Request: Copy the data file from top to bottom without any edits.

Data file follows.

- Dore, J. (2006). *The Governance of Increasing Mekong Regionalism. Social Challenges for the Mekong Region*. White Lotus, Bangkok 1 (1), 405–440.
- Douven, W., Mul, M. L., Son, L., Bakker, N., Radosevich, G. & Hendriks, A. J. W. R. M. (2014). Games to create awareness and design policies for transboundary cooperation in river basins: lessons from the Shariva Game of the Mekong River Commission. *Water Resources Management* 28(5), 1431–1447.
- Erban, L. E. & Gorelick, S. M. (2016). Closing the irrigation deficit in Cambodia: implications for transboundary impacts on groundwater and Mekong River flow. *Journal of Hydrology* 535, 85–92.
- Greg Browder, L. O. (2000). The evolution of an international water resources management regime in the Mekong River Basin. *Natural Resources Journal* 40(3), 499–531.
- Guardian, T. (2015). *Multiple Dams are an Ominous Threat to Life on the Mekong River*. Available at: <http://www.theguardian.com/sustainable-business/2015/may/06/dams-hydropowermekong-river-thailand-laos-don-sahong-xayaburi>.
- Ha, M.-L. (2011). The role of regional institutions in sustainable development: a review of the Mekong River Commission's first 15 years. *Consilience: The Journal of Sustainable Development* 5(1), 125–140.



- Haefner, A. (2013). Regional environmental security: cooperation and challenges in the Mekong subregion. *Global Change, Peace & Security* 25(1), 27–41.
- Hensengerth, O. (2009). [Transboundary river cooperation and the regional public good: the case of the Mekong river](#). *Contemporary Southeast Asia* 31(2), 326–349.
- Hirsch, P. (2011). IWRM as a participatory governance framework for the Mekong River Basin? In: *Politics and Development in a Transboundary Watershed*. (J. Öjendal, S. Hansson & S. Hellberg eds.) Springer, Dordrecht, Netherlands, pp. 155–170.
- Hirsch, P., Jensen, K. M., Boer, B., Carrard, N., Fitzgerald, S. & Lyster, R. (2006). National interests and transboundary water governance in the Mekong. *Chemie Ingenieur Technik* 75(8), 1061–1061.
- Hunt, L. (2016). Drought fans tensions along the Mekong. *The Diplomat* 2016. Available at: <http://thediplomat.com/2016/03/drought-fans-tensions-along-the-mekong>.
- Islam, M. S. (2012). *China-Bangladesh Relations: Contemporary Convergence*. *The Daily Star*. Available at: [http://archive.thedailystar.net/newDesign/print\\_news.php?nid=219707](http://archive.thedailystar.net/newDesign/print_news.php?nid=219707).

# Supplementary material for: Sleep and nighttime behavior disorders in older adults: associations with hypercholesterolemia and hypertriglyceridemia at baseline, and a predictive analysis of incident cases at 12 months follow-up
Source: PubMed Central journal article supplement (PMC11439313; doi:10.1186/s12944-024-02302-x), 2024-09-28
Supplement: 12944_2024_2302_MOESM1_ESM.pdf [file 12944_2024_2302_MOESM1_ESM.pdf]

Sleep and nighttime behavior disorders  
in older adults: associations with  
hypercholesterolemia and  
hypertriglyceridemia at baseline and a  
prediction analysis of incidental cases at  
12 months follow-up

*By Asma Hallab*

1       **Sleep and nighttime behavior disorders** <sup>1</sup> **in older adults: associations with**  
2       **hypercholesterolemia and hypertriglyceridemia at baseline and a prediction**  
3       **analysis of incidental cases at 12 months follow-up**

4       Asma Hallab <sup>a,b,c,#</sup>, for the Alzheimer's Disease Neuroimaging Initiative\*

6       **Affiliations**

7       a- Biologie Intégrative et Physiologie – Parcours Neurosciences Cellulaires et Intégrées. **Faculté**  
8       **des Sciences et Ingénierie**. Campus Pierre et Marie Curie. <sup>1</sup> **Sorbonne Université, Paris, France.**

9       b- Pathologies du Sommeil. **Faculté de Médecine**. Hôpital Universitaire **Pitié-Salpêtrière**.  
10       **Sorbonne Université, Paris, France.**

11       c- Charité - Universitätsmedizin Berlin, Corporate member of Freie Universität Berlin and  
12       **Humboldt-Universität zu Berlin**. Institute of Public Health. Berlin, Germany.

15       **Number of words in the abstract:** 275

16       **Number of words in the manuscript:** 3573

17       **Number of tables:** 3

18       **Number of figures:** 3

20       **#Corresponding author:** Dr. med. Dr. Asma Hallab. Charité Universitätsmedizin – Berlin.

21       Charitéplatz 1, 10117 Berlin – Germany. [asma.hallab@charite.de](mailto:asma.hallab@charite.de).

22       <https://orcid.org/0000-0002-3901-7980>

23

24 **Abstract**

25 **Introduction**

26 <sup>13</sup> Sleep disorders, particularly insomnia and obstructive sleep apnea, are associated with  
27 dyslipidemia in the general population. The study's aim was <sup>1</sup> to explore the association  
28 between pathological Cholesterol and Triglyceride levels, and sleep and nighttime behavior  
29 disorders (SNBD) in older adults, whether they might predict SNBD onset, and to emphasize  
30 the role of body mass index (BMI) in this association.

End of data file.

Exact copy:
- Dore, J. (2006). *The Governance of Increasing Mekong Regionalism. Social Challenges for the Mekong Region*. White Lotus, Bangkok 1 (1), 405–440.
- Douven, W., Mul, M. L., Son, L., Bakker, N., Radosevich, G. & Hendriks, A. J. W. R. M. (2014). Games to create awareness and design policies for transboundary cooperation in river basins: lessons from the Shariva Game of the Mekong River Commission. *Water Resources Management* 28(5), 1431–1447.
- Erban, L. E. & Gorelick, S. M. (2016). Closing the irrigation deficit in Cambodia: implications for transboundary impacts on groundwater and Mekong River flow. *Journal of Hydrology* 535, 85–92.
- Greg Browder, L. O. (2000). The evolution of an international water resources management regime in the Mekong River Basin. *Natural Resources Journal* 40(3), 499–531.
- Guardian, T. (2015). *Multiple Dams are an Ominous Threat to Life on the Mekong River*. Available at: <http://www.theguardian.com/sustainable-business/2015/may/06/dams-hydropowermekong-river-thailand-laos-don-sahong-xayaburi>.
- Ha, M.-L. (2011). The role of regional institutions in sustainable development: a review of the Mekong River Commission's first 15 years. *Consilience: The Journal of Sustainable Development* 5(1), 125–140.



- Haefner, A. (2013). Regional environmental security: cooperation and challenges in the Mekong subregion. *Global Change, Peace & Security* 25(1), 27–41.
- Hensengerth, O. (2009). [Transboundary river cooperation and the regional public good: the case of the Mekong river](#). *Contemporary Southeast Asia* 31(2), 326–349.
- Hirsch, P. (2011). IWRM as a participatory governance framework for the Mekong River Basin? In: *Politics and Development in a Transboundary Watershed*. (J. Öjendal, S. Hansson & S. Hellberg eds.) Springer, Dordrecht, Netherlands, pp. 155–170.
- Hirsch, P., Jensen, K. M., Boer, B., Carrard, N., Fitzgerald, S. & Lyster, R. (2006). National interests and transboundary water governance in the Mekong. *Chemie Ingenieur Technik* 75(8), 1061–1061.
- Hunt, L. (2016). Drought fans tensions along the Mekong. *The Diplomat* 2016. Available at: <http://thediplomat.com/2016/03/drought-fans-tensions-along-the-mekong>.
- Islam, M. S. (2012). *China-Bangladesh Relations: Contemporary Convergence*. *The Daily Star*. Available at: [http://archive.thedailystar.net/newDesign/print\\_news.php?nid=219707](http://archive.thedailystar.net/newDesign/print_news.php?nid=219707).

# Supplementary material for: Sleep and nighttime behavior disorders in older adults: associations with hypercholesterolemia and hypertriglyceridemia at baseline, and a predictive analysis of incident cases at 12 months follow-up
Source: PubMed Central journal article supplement (PMC11439313; doi:10.1186/s12944-024-02302-x), 2024-09-28
Supplement: 12944_2024_2302_MOESM1_ESM.pdf [file 12944_2024_2302_MOESM1_ESM.pdf]

Sleep and nighttime behavior disorders  
in older adults: associations with  
hypercholesterolemia and  
hypertriglyceridemia at baseline and a  
prediction analysis of incidental cases at  
12 months follow-up

*By Asma Hallab*

1       **Sleep and nighttime behavior disorders** <sup>1</sup> **in older adults: associations with**  
2       **hypercholesterolemia and hypertriglyceridemia at baseline and a prediction**  
3       **analysis of incidental cases at 12 months follow-up**

4       Asma Hallab <sup>a,b,c,#</sup>, for the Alzheimer's Disease Neuroimaging Initiative\*

6       **Affiliations**

7       a- Biologie Intégrative et Physiologie – Parcours Neurosciences Cellulaires et Intégrées. **Faculté**  
8       **des Sciences et Ingénierie**. Campus Pierre et Marie Curie. <sup>1</sup> **Sorbonne Université, Paris, France.**

9       b- Pathologies du Sommeil. **Faculté de Médecine**. Hôpital Universitaire **Pitié-Salpêtrière**.  
10       **Sorbonne Université, Paris, France.**

11       c- Charité - Universitätsmedizin Berlin, Corporate member of Freie Universität Berlin and  
12       **Humboldt-Universität zu Berlin**. Institute of Public Health. Berlin, Germany.

15       **Number of words in the abstract:** 275

16       **Number of words in the manuscript:** 3573

17       **Number of tables:** 3

18       **Number of figures:** 3

20       **#Corresponding author:** Dr. med. Dr. Asma Hallab. Charité Universitätsmedizin – Berlin.

21       Charitéplatz 1, 10117 Berlin – Germany. [asma.hallab@charite.de](mailto:asma.hallab@charite.de).

22       <https://orcid.org/0000-0002-3901-7980>

23

24 **Abstract**

25 **Introduction**

26 <sup>13</sup> Sleep disorders, particularly insomnia and obstructive sleep apnea, are associated with  
27 dyslipidemia in the general population. The study's aim was <sup>1</sup> to explore the association  
28 between pathological Cholesterol and Triglyceride levels, and sleep and nighttime behavior  
29 disorders (SNBD) in older adults, whether they might predict SNBD onset, and to emphasize  
30 the role of body mass index (BMI) in this association.